Verifying vs Reproducing Science and the importance of software

Verifying vs Reproducing Science and the importance of software

Torsten Reimer’s excellent blogpost on the use of software at Imperial College, led me to similar reflections on the usage of the software at TU Delft.

As part of the Data Stewardship project, I am involved in interviews with research groups across TU Delft’s eight faculties. In many of the interviews, the role of software often comes up.

Whether writing code to simulate the movement of volcanic ash clouds, to help model the problems in including renewable energy sources in power grids, or normalising a mass of data resulting from chemical analysis of biological samples, the software plays a critical role in defining and testing scientific hypothesis.


Utah House Solar Panels, CC-BY, Rick Willoughby

The relative importance attributed to software by researchers as part of their research life cycle also has interesting implications for research data management.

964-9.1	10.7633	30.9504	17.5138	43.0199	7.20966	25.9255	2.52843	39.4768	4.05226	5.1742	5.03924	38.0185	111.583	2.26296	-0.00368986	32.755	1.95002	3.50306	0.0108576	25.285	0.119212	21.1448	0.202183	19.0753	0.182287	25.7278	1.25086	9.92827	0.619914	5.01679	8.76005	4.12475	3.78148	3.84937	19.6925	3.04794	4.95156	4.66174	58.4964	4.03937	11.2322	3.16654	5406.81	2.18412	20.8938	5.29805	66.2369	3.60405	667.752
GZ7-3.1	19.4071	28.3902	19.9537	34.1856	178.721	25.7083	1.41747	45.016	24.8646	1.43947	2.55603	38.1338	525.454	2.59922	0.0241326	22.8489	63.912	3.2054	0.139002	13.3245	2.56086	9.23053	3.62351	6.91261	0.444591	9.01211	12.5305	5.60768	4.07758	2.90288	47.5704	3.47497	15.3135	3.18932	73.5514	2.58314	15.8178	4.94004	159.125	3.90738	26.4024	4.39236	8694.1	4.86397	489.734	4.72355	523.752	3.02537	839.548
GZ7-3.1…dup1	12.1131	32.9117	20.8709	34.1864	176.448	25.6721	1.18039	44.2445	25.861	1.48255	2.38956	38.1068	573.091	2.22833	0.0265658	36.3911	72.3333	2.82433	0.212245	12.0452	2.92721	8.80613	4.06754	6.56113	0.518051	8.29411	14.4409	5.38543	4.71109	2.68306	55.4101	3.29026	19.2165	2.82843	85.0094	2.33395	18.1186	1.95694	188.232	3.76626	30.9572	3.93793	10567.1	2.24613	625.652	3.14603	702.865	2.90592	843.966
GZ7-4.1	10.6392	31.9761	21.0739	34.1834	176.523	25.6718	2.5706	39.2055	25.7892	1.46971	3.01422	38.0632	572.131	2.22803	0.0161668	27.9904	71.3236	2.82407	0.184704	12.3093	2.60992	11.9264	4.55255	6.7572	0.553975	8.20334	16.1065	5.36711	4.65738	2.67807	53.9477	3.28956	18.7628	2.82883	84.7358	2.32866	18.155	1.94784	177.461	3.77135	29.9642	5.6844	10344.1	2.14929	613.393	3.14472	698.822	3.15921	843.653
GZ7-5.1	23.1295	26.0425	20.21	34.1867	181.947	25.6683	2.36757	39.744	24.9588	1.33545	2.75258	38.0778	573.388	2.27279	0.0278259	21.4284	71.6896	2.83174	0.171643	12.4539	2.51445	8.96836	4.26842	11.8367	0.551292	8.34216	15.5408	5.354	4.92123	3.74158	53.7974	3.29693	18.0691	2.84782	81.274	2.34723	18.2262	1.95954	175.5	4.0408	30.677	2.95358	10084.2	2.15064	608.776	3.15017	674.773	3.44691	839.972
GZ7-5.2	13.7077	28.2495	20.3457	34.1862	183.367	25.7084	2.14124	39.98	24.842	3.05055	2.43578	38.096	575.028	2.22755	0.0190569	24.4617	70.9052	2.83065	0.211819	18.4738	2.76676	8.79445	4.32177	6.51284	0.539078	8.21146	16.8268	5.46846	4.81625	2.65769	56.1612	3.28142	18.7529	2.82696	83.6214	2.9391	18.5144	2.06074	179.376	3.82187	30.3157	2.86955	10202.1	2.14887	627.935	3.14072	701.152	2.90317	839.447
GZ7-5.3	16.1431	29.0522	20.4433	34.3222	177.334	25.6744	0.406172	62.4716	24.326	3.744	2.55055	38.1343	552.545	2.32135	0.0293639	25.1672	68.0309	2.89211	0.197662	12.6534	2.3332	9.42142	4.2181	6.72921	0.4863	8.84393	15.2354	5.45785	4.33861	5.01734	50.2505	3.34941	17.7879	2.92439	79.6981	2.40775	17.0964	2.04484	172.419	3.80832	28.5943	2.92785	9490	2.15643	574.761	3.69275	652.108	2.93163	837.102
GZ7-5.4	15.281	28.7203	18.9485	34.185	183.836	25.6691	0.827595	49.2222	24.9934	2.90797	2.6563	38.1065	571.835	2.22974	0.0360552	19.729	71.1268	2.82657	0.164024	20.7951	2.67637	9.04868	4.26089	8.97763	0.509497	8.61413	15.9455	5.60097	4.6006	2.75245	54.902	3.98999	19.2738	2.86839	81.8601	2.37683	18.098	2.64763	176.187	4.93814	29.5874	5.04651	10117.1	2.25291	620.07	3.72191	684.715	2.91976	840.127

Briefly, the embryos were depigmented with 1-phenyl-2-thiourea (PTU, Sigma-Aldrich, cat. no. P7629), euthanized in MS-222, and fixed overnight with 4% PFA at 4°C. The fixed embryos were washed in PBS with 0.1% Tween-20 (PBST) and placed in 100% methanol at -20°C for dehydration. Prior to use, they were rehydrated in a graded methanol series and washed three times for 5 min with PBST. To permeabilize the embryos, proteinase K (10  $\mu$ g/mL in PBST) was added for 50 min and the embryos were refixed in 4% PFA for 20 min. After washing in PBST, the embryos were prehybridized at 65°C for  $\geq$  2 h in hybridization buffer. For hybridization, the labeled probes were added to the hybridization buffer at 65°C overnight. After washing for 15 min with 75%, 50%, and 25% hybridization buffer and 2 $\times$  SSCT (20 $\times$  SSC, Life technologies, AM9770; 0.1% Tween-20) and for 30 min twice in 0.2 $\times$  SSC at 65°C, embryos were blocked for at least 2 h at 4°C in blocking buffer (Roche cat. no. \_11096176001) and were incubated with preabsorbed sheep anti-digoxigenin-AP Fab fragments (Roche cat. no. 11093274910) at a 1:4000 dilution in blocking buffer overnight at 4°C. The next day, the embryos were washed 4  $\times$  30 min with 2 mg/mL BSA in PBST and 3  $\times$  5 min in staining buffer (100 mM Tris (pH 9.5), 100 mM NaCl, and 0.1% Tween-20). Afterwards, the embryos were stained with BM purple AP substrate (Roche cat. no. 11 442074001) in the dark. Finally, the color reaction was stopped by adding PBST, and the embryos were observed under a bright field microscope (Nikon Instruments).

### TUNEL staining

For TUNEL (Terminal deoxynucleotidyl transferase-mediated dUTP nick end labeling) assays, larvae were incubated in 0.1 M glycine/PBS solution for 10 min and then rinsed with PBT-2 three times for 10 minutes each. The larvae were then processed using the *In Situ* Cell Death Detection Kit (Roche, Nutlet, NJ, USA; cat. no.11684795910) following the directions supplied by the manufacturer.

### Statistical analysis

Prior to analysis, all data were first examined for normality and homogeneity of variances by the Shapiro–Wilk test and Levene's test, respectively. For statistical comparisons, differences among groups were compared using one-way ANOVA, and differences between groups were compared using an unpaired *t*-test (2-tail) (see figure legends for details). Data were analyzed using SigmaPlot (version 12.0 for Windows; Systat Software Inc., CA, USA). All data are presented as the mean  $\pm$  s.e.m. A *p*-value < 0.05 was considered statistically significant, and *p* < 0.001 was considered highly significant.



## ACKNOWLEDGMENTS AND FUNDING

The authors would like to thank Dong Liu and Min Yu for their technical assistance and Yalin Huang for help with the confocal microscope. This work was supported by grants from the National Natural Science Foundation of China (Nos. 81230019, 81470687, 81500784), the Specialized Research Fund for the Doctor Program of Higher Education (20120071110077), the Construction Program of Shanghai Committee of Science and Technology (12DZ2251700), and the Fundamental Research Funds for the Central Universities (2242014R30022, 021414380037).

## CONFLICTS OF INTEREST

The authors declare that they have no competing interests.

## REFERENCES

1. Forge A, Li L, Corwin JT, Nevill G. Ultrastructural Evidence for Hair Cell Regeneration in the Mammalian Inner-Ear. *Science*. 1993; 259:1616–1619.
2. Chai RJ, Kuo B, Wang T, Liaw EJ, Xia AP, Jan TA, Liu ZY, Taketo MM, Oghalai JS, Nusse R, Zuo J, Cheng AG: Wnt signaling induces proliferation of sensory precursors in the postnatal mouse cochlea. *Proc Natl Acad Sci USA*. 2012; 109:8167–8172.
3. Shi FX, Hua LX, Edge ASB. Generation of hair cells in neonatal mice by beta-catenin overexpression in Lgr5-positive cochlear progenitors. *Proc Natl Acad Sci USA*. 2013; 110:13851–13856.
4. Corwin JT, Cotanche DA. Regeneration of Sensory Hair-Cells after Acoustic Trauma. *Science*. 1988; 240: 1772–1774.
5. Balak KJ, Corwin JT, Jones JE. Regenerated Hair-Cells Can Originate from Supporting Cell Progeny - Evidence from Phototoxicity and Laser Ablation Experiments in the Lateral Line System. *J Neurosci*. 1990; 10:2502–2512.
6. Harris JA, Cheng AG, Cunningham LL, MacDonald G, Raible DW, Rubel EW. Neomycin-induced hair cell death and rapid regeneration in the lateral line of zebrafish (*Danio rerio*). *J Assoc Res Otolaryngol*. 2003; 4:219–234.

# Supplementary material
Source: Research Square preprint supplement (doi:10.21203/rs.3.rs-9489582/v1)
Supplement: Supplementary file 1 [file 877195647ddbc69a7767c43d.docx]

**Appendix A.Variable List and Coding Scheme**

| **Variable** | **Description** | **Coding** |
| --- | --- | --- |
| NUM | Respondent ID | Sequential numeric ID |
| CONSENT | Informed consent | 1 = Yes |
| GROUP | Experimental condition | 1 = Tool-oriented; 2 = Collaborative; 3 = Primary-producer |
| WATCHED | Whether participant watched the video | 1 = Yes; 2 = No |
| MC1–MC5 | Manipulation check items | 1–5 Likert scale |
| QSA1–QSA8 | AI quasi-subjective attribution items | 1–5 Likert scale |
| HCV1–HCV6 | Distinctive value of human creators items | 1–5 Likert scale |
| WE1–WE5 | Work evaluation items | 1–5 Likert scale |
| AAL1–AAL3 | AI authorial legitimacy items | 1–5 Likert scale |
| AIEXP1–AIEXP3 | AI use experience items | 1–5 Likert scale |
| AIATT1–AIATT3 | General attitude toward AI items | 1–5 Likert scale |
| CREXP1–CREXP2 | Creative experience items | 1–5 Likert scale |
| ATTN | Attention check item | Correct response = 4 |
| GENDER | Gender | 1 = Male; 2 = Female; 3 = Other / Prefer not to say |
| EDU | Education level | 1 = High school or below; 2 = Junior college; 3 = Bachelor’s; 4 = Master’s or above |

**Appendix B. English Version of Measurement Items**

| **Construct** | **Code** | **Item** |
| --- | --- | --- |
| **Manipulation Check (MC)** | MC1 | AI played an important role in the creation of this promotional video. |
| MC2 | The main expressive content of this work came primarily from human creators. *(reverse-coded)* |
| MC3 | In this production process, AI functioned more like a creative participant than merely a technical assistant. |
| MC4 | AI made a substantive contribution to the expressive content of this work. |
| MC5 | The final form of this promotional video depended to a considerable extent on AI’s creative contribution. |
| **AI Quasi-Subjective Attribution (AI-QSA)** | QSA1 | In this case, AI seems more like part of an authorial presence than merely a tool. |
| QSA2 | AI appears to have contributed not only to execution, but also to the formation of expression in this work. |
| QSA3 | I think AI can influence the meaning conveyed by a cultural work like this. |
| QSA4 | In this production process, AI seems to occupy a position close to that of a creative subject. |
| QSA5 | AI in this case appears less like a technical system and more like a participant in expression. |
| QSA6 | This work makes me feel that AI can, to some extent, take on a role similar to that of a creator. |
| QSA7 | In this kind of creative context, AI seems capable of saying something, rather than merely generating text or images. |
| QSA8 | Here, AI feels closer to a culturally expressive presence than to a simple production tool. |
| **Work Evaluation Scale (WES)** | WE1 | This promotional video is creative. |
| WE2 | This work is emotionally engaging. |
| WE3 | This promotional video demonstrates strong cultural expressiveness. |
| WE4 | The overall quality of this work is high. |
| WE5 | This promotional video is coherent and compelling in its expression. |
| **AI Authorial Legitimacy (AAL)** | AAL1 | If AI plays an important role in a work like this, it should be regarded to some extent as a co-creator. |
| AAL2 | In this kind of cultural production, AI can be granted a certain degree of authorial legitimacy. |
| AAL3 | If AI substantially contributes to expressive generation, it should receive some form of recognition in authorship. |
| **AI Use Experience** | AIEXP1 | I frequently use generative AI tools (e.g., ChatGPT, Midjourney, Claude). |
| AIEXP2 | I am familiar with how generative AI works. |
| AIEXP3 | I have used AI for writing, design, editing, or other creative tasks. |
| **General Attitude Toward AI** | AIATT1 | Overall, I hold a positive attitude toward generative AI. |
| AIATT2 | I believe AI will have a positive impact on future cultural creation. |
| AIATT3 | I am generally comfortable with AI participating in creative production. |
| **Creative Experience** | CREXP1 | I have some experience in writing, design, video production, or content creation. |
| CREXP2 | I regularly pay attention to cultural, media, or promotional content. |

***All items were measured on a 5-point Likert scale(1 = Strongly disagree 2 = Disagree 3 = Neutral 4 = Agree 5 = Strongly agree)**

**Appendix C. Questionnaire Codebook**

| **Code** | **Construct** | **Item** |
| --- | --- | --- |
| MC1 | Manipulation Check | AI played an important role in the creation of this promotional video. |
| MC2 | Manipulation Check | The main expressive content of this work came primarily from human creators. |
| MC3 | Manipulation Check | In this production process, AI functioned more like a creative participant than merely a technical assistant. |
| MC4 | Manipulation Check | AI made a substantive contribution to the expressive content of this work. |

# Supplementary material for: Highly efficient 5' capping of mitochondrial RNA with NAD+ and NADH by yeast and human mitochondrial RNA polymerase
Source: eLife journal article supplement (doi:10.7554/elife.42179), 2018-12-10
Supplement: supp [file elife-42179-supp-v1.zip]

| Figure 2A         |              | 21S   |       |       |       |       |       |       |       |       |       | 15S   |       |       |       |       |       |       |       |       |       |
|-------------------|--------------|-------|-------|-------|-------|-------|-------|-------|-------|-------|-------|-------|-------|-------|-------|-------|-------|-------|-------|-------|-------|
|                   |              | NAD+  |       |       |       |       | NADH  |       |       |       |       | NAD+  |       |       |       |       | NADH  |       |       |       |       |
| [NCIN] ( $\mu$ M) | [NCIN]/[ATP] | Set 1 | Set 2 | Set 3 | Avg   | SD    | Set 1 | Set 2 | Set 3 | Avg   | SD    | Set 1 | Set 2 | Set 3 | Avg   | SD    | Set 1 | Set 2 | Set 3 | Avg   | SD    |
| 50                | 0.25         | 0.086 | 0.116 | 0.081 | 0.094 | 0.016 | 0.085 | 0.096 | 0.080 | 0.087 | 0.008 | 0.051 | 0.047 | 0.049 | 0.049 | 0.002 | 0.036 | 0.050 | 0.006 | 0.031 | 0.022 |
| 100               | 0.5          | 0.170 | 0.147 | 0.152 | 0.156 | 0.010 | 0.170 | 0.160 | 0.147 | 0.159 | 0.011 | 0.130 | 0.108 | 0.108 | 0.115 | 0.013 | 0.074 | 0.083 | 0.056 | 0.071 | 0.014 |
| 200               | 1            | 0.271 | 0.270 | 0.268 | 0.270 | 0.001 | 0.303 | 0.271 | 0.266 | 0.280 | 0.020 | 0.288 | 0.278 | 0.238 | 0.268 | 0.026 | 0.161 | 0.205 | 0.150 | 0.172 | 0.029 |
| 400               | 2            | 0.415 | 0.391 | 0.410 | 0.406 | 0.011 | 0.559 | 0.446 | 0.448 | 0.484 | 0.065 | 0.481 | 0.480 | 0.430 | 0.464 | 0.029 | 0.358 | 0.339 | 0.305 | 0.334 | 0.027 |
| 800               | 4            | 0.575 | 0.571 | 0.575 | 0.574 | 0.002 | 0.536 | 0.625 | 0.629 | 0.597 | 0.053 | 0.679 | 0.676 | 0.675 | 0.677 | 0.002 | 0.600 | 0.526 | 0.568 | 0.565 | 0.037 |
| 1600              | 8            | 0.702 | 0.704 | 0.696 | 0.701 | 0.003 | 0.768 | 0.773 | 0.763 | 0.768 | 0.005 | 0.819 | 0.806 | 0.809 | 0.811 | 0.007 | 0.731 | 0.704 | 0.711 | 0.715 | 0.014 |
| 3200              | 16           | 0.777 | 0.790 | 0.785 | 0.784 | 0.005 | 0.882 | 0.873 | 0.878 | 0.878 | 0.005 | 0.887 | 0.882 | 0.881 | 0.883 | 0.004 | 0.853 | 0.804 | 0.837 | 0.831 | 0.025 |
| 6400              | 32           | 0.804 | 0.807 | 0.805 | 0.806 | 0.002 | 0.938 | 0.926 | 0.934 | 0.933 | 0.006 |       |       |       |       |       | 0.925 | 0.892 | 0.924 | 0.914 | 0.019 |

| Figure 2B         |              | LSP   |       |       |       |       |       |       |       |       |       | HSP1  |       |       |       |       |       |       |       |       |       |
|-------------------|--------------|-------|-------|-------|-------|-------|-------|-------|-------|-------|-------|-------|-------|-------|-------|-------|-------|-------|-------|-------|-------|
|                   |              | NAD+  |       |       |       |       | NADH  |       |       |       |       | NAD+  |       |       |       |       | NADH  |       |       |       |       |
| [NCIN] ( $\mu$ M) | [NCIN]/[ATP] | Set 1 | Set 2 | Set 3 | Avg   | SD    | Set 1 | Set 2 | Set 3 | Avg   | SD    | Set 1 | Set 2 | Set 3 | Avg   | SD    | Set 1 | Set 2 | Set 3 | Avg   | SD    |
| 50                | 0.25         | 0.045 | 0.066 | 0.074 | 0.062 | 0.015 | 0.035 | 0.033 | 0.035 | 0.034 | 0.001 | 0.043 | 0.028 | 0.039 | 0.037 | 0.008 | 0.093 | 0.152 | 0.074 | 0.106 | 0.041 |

Take for example a scientist running simulations on the effectiveness of solar power in the electricity grid. Such a scientist runs hundreds of simulations, testing the effects of small adjustments to input parameters (eg customer demand, energy input from the solar panels) that goes into the model based on the code. Each simulation will spit out results as data.

When it comes to writing up the results in a paper, typically only the data from a few of the simulations will be referenced, perhaps in the form of graphs. Hopefully, the data from these referenced simulations will be available from a data repository.